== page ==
For instance, when the history of representation is described as the emergence of myth through the manipulation of symbolic forms, and hence the origin of religion, this account obscures the more accurate and plausible account of development: that the history of representation allows us to chart the emergence of the imagination (not religion). Re-describing the emergence of the capacity to pretend, to act as though the world is as it is not, as religious is profoundly misleading. It lends itself, for instance, to a problematic account of ritual as distinct from pretense and agency detection as distinct from processes related to the development of communicative competence. It is no wonder, as outlined in the forthcoming essay by Josh Rottman and Deborah Kelemen, that very little (if any) evidence can be found for the existence of “religious beliefs” in early childhood. As shown, the vast majority of evidence for the acquisition of religious thoughts and practices emerges only after individuals are socialized into such practices. There is scant support for spontaneous religiosity, a point that would not surprise an historian of religion but seems to threaten an overthrow of several of the primary tenets of popular cognitive theories of religion.
I understand the motive to define religion in this way to be the rather embarrassingly fuzzy idea that supernatural agents are postulated all around the world. Supernatural agency, when globalized in this way, is a bit of a will-o’-the-wisp. It is very beguiling but it can mean almost anything. Guided by Carol Nemeroff and Paul Rozin (2000) I have found it helpful to interpret “the supernatural” as that which “generally does not make sense in terms of the contemporary understanding of science.” Of course what makes sense in terms of contemporary science is itself a moving target, often contested, and inordinately fallible. Given the transitory and culturally contoured nature of “what makes sense” it is even more urgent to be cautioned by historiographical reflection.
As an imaginative challenge to cognitive theories of religion, perhaps we could try to think about what such theories would have to offer if a temporary moratorium on terms including religion, supernatural, magic, ritual, myth, theism, and atheism were to be voluntarily undertaken. How might human behaviour be accounted for differently if ritual was re-viewed as a subcategory of fantasy play, if belief in God was one treated as one of many everyday imaginary relationships, if theologies were taken as paracosms, and if supernatural representations were viewed as analogous to concepts of nation, gender, and class [I’m hoping that some cognitive theorist will get back to me and say, “Yes, that’s it exactly!”]. This kind of back and forth translation is underway. Ann Taves’s book (2009) on religious experience focuses on anomaly and specialness as an analogue of religion and Tanya Luhrmann (1989) examines English witchcraft as an extension of fantasy play. My own modest effort equates imaginal religious dialogue with fantasy play under institutional sanction (2012). While not all cognitive theories of religion are susceptible to this critique, unless there is a mindfulness of the ambiguity and ideological history of the term religion, the proliferation of its supposed naturalness will ultimately foreclose upon its richness and explanatory potential.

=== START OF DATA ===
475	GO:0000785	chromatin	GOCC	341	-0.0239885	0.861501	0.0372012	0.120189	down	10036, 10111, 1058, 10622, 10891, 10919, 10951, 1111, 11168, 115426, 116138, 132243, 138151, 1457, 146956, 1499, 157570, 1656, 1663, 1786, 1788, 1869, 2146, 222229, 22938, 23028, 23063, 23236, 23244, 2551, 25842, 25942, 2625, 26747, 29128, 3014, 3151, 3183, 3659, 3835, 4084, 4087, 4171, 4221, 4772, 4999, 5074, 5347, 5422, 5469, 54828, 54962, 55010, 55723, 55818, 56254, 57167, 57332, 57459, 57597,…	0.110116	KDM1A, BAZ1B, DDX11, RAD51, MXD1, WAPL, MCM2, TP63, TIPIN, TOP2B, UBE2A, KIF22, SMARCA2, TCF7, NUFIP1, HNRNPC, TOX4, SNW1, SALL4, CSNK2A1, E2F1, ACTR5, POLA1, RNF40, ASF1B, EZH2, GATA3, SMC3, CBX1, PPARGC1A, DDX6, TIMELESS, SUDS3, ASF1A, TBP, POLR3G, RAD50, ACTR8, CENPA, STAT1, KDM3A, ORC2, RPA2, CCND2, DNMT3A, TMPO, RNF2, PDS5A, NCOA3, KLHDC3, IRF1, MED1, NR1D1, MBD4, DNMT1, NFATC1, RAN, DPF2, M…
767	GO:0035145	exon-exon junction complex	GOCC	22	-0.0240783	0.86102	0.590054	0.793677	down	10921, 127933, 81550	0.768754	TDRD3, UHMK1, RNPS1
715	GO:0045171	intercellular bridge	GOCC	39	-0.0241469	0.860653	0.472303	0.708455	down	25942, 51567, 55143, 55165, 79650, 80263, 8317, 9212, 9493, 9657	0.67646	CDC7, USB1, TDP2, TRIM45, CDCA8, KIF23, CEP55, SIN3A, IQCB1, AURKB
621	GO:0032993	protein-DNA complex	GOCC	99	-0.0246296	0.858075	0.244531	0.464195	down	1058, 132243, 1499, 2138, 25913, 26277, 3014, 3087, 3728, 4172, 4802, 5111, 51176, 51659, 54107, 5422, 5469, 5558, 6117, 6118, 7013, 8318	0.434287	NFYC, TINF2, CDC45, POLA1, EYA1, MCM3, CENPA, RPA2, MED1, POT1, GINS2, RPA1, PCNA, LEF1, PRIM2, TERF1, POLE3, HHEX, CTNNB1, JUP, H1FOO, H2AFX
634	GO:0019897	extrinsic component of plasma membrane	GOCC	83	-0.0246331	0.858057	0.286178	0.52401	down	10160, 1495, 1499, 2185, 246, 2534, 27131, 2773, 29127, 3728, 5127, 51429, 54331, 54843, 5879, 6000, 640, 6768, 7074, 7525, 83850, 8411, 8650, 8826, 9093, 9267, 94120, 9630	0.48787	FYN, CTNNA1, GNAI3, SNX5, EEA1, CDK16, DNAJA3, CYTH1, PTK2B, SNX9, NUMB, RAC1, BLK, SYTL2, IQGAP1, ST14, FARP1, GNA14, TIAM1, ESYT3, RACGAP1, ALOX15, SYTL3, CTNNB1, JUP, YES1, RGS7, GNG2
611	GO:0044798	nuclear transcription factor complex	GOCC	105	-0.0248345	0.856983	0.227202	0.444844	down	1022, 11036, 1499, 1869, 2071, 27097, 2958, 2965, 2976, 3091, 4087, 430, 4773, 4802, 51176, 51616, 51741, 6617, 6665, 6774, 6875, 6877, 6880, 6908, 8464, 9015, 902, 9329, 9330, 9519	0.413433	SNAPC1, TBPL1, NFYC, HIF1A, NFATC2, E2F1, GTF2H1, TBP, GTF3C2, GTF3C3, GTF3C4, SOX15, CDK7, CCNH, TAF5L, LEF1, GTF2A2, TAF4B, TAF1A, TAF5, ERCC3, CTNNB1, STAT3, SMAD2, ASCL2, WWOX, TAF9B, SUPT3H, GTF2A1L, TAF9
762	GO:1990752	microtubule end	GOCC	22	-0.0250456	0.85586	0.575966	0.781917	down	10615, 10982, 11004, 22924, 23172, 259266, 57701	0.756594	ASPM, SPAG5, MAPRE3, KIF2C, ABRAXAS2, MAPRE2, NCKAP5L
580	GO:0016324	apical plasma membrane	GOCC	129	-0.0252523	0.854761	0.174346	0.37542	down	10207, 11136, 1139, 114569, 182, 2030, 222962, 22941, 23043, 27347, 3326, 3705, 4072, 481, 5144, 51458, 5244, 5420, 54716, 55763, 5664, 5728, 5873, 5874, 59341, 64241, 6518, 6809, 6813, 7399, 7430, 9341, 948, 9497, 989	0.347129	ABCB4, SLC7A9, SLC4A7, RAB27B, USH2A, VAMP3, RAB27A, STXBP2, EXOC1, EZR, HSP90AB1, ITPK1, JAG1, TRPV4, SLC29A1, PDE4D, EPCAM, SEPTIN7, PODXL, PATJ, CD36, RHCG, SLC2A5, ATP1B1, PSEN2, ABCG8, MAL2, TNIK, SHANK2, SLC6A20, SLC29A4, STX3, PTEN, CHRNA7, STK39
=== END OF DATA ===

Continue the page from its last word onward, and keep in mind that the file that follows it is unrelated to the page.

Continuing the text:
Some Recommended Readings:
Atran, Scott. 2002. In Gods We Trust: The Evolutionary Landscape of Religion. New York: Oxford University Press.
Barrett, Justin. 2004. Why Would Anyone Believe in God? Lanham: AltaMira Press.
Bering, Jesse M. 2011. The Belief Instinct: The Psychology of Souls, Destiny, and the Meaning of Life. New York: W. W. Norton and Company.
Boyer, Pascal. 2001. Religion Explained: The Evolutionary Origins of Religious Thought. New York: Basic Books.
Caughey, John L. 1984. Imaginary Social Worlds: A Cultural Approach. Lincoln: University of Nebraska Press.
Hood, Bruce. 2009. SuperSense: Why We Believe in the Unbelievable. New York: HarperCollins.
Lewis-Williams, David. 2002. The Mind in the Cave: Consciousness and the Origins of Art. New York: Thames and Hudson.
Luhrmann, Tanya M. 1989. Persuasions of the Witch’s Craft: Ritual Magic in Contemporary England. Cambridge, MA: Harvard University Press.
MacKendrick, Kenneth G. 2012. “We Have an Imaginary Friend in Jesus: What Can Imaginary Companions Teach Us About Religion?” Implicit Religion 15, no. 1: 61-79.
Martin, Luther H. and Jesper Sørensen, eds. 2011. Past Minds: Studies in Cognitive Historiography. London: Equinox.
McCutcheon, Russell T. 1997. Manufacturing Religion: The Discourse on Sui Generis Religion and the Politics of Nostalgia. Oxford: Oxford University Press.
Nemeroff, Carol and Paul Rozin. “The Makings of the Magical Mind: The Nature and Function of Sympathetic Magical Thinking.” In Imagining the Impossible: Magical, Scientific, and Religious Thinking in Children. Edited by Karl S. Rosengren, Carl N. Johnson, and Paul L. Harris, 1-34. Cambridge: Cambridge University Press.
Rottman, Josh and Deborah Kelemen (forthcoming 2012). “Is There Such Thing as a Christian Child? Evidence of Religious Beliefs in Early Childhood.” In Science and the World’s Religions: Origins and Destinies. Edited by P. McNamara and W. Wildman. Santa Barbara: Praeger Press.
Smith, Jonathan Z. 1982. Imagining Religion: From Babylon to Jonestown. Chicago: University of Chicago Press.
Taves, Ann. 2009. Religious Experience Reconsidered. A Building-Block Approach to the Study of Religion and Other Special Things. Princeton: Princeton University Press.